The deal size was US$3.1 billion, subject to potential increase through a 15% over-allotment option, which makes it the world’s largest IPO since the listing of Royal Mail in the UK in October 2013 (US$3.2 billion), according to Dealogic. The flotation is also the second largest utility and energy IPO on record in the Asia-Pacific region (behind that of J-Power in Japan in 2004).
Quite notable for a large IPO in Hong Kong, the transaction only included two bookrunners, Goldman Sachs and HSBC, and with decent fees to boot (2.5% and an additional incentive component of 0.50%). Ten co-lead managers also figured in the underwriter group, mostly commercial banks probably included for relationship reasons and (for some) to broaden initial and ongoing research coverage.
Hong Kong Electric Investments is an investment trust spun-off from Hong Kong-listed Power Assets (itself down 5% over a year). The deal was priced at HK$5.45 per unit, at the low-end of the indicative price range and equivalent to a 2014 yield of 7.2%. The range was lowered from that mentioned at the start of pre-deal investor education. Initial yield expectations were around 5.5% at the more aggressive end, so a substantial increase was needed to get the deal away. Similarly, up to 70% of the trust was initially targeted for sale, but this was revised to 50.1% in light of the lower pricing.
The Hong Kong public offering was 7.46 times covered, while the institutional tranche was only moderately oversubscribed, according to the stock exchange filing on allotment results. The offer structure also included a US$200 million public offering without listing in Japan, which is increasingly rare nowadays, and perhaps an indication that the leads had to leave no stone unturned to gather demand.
The IPO had to face a number of investor concerns: The scheme of control for the business’ operations expire at the end of 2018, so there were doubts that it may not benefit from similar guaranteed tariff rates in the future. Hong Kong Electric Investments is also a Hong Kong-focused business, where it is active on the islands of Hong Kong and Lamma only.
Two cornerstone investors featured in the deal, one of which is an SOE, State Grid Corporation of China, which chipped in for approximately 36% of the offering. The other, the sovereign wealth fund of Oman, only came in for a small amount. So it looks like the bookrunners perhaps had difficulty finding early institutional support for the transaction.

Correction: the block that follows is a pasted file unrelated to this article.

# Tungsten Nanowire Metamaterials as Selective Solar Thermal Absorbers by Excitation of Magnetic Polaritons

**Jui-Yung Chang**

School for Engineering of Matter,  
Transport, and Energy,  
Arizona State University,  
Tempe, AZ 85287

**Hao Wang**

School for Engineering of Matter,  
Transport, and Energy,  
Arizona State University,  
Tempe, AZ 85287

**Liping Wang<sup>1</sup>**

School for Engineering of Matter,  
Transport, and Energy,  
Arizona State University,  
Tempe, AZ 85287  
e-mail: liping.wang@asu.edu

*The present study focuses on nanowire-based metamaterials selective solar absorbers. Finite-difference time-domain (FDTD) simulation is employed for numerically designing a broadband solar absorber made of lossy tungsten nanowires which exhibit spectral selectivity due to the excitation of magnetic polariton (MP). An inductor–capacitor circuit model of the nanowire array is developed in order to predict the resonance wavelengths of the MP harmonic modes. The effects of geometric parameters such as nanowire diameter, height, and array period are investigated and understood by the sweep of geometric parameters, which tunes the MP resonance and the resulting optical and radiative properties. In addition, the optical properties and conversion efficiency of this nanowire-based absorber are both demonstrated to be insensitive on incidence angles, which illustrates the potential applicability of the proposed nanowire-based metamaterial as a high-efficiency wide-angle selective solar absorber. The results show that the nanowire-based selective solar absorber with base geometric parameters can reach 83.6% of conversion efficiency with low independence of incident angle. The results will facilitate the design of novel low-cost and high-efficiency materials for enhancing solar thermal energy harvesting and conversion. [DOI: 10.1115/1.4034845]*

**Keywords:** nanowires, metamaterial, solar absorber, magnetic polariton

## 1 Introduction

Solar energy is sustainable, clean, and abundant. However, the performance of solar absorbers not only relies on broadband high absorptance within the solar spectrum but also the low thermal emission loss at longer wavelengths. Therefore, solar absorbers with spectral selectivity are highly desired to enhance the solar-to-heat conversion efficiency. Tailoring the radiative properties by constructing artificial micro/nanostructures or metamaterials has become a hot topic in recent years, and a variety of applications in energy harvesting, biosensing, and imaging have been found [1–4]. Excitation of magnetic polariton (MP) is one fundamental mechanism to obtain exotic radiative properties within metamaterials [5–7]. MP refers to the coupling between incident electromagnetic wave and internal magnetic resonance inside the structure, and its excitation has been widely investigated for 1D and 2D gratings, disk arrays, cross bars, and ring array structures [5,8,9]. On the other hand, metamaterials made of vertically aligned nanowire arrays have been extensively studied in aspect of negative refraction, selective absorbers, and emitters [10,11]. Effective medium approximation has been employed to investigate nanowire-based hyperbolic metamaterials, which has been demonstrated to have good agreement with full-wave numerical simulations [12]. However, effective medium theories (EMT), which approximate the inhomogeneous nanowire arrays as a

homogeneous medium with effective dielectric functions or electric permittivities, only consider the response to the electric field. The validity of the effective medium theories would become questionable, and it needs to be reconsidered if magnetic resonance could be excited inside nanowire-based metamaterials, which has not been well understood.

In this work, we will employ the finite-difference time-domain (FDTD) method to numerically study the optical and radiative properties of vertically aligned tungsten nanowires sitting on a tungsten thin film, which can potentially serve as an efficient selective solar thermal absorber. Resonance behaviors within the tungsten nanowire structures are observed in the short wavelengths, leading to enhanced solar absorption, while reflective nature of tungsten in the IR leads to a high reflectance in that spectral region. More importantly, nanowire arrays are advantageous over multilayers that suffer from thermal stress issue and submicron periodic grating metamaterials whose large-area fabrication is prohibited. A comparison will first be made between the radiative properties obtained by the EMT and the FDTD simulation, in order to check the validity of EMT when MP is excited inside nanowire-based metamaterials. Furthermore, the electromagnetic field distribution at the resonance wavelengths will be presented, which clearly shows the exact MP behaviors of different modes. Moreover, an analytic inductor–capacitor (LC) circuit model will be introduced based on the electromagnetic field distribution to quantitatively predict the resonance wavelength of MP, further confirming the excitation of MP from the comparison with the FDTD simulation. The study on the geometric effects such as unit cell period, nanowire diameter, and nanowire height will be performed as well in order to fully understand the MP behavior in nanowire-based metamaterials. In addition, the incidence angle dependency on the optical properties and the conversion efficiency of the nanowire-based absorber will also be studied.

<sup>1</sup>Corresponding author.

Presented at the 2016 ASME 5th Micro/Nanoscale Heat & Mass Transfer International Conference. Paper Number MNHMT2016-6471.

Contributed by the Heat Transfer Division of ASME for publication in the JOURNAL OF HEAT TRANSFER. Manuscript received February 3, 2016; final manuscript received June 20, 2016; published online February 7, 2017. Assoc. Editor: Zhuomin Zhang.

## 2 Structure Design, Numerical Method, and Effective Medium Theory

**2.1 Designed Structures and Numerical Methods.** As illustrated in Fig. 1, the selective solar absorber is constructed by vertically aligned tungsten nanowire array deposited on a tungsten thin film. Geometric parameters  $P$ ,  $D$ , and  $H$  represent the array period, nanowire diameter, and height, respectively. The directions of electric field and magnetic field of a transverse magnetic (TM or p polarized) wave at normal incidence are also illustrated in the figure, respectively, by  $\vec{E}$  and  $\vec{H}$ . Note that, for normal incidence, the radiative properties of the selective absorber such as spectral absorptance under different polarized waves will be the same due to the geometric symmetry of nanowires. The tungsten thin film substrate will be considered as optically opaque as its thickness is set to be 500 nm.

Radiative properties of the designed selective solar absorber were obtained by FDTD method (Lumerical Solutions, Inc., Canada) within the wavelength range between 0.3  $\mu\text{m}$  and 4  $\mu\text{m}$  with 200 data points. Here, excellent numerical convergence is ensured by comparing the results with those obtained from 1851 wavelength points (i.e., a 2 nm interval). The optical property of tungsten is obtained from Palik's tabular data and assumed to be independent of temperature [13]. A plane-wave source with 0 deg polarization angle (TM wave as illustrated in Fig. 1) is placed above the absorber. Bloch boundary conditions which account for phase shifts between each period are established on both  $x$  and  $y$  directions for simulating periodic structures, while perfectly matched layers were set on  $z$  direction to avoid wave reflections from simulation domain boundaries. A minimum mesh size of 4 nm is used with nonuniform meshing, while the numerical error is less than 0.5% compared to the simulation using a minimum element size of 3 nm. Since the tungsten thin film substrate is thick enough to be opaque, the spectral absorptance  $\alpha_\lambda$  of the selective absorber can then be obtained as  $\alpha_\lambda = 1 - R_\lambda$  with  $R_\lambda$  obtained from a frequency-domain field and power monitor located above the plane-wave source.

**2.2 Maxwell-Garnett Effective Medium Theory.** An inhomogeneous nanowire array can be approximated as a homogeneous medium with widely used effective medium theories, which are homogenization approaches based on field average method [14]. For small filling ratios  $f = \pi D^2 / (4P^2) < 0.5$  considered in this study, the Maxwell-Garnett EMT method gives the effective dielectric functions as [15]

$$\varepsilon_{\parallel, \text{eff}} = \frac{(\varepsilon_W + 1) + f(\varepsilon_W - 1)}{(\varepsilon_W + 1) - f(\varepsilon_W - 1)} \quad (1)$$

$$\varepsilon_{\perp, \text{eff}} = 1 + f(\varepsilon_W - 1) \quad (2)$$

Yield-based stocks and business trusts in particular have generally had a pretty poor performance of late. Li Ka-shing’s HPH Trust is down 33% since listing in 2011. Similarly, Hui Xian Real Estate Trust is also 27% below water since its flotation that same year. Hong Kong Telecom’s trust, however has done well. Concerns over tapering and rising interest rates are obviously not conducive to investing in counters exhibiting high dividends. It’s also possible that Li Ka-shing sought to achieve a more realistic pricing to pave the way for his multi-billion dollar IPO in Hong Kong of retailer Watson’s later this year
As feared, the quality of the book assembled by the bookrunners may have weighed negatively on the stock’s performance. The sell-off in emerging markets stocks probably also didn’t help, although the Hang Seng index was up 0.7% this morning. Hong Kong Electric Investment’s shares were trading almost 3% down by mid-morning.
This was very large IPO, both for Hong Kong and in global terms, but it looks like demand was relatively tepid, resulting in size and pricing having to be sweetened for investors.